Harmony Montgomery declared dead ahead of anticipated wrongful death lawsuit

Posted at 4:52 PM, March 12, 2024

NASHUA, N.H. (Court TV) — A judge has granted a request to declare  Harmony Montgomery legally dead as the child’s biological mother takes the next steps toward filing a wrongful death lawsuit in her case.

Crystal Sorey wipes away a tear

Crystal Sorey wipes away a tear during a hearing in probate court on March 11, 2024. (Court TV)

Crystal Sorey, Harmony’s biological mother, appeared at a probate hearing on Monday morning where she asked a judge to both declare Harmony dead and make her the sole administrator of the estate. On Tuesday, Judge Beth Kissinger granted the motions, contingent on Sorey filing the appropriate documents and paying ordered fees.

Harmony was 5 when she was beaten to death by her father, Adam Montgomery, in 2019. Adam was convicted of her brutal murder in Feb. At trial, he admitted to disposing of her body, which he hid in a duffel bag, a cooler, a ceiling vent and a refrigerator. The child was not declared missing until 2021. Her body has never been found, though Sorey has said she intends to continue searching for her daughter. Both Sorey and Adam have a history of substance abuse issues, and Sorey had been struggling in 2018 when Adam was given full custody of Harmony.

WATCH: Crystal Sorey: ‘It’s Hard for Me to Carry On Knowing She’s Out There’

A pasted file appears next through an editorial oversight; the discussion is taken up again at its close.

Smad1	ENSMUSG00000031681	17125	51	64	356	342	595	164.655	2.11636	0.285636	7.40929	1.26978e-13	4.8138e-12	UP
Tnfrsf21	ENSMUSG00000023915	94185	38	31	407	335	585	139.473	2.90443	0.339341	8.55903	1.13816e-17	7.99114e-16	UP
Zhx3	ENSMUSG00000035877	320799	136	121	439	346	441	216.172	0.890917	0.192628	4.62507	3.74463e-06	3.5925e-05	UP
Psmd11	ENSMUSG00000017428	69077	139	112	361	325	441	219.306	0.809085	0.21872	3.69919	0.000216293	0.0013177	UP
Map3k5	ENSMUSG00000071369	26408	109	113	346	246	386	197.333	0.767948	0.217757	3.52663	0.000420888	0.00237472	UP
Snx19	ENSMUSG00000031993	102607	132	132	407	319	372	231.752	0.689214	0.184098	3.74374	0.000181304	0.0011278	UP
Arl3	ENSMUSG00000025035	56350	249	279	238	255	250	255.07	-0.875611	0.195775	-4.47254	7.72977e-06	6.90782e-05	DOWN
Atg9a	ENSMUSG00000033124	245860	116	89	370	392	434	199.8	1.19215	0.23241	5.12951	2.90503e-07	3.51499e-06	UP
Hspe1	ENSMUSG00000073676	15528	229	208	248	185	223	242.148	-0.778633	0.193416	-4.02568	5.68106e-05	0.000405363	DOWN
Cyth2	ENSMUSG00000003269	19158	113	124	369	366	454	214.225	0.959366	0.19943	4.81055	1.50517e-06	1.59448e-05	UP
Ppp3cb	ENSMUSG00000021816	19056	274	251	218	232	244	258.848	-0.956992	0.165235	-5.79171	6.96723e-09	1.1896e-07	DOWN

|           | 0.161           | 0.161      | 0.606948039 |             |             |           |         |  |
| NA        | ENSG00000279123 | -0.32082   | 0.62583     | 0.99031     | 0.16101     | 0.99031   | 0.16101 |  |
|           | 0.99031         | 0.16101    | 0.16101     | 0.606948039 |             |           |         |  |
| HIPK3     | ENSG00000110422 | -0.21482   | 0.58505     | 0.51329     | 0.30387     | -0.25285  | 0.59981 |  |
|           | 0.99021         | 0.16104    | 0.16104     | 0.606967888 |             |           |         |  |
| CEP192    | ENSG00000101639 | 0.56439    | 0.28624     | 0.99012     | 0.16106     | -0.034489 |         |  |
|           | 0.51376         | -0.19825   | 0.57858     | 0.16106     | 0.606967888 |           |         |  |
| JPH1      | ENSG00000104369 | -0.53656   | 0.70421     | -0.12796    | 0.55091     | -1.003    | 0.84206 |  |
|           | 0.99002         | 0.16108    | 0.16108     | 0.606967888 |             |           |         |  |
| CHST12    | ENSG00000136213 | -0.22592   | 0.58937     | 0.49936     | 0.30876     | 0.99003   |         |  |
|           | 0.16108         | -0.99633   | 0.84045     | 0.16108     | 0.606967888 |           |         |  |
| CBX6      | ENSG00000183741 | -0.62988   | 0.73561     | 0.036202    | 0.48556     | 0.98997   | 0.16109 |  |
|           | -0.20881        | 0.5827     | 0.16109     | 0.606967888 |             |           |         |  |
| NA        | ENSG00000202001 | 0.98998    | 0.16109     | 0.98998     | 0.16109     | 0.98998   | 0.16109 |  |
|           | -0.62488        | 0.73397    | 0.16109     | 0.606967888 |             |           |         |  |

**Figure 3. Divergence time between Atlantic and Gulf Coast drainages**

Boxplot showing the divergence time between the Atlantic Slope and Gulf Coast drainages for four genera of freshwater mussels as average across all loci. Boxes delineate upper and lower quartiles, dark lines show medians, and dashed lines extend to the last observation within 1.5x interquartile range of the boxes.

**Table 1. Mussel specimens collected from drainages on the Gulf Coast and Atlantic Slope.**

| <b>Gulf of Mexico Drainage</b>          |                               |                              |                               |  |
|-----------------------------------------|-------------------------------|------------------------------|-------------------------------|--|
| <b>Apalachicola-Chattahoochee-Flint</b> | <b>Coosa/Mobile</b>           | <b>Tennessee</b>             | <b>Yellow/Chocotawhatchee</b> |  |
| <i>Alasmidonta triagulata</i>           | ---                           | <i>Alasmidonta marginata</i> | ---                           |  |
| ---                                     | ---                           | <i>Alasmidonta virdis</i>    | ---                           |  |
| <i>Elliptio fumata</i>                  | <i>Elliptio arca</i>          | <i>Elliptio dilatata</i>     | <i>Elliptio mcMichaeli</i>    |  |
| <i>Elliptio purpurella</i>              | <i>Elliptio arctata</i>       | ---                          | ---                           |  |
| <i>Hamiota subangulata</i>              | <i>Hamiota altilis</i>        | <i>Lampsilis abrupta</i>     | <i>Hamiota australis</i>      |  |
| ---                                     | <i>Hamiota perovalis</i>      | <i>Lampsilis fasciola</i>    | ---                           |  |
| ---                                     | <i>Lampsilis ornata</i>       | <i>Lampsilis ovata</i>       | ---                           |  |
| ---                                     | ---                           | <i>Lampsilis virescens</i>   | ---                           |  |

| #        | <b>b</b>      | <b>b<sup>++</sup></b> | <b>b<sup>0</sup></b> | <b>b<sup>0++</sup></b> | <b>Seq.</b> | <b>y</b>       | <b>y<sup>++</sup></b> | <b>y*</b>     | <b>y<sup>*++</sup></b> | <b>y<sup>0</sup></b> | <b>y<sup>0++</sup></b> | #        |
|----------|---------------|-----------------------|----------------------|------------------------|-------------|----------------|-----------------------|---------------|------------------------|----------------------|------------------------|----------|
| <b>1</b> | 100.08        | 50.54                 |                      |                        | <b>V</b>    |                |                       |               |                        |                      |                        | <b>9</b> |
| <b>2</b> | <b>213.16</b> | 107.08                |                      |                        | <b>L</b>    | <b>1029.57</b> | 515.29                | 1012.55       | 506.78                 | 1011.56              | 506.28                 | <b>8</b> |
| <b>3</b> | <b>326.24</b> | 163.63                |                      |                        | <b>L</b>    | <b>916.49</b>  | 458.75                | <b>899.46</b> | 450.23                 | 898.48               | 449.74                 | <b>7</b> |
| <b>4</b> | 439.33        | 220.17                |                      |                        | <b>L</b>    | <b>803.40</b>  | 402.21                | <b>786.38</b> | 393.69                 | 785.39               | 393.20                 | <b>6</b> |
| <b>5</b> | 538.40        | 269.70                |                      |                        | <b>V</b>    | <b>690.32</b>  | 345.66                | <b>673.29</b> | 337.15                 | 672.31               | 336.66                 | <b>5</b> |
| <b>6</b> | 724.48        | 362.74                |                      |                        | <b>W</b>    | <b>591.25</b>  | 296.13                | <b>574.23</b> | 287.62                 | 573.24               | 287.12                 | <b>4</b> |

Sorey’s attorney addressed the judge, saying that Adam’s admission during his trial to abusing his daughter’s corpse, as well as his conviction of her murder, provided the court “clear and convincing” evidence that Harmony should be declared dead. The judge asked to be provided a copy of the authenticated jury verdict within five days before issuing her ruling.

Harmony Montgomery

Harmony Montgomery. (Crystal Sorey)

While both Sorey and Adam are listed as Harmony’s heirs, Sorey asked the court for Adam’s name to be removed and for her to be named sole estate administrator. Sorey acknowledged in the proceeding that she is asking for Harmony to be declared dead so that she can move forward in filing a wrongful death lawsuit against the State of New Hampshire for her daughter’s death.

Adam chose not to attend Monday’s hearing. While a video link was set up with the jail, a corrections officer said that he “refused” to come. Adam similarly declined to attend his own trial.

The judge told Sorey that because of the planned lawsuit, before she can be named administrator for the estate she needs to submit a $10,000 court surety bond, and that any money recovered from the lawsuit will first go to an estate account and that money for attorneys and other bills can only be dispersed from there.

Tuesday’s order specifies that the letters of appointment will be issued after the judge receives an authenticated copy of the jury verdict and Sorey files a $10,000 fiduciary bond with corporate sureties.

Prosecutors pledged to continue their search for Harmony’s body after Adam’s conviction. She would have turned 10 on June 7, 2024.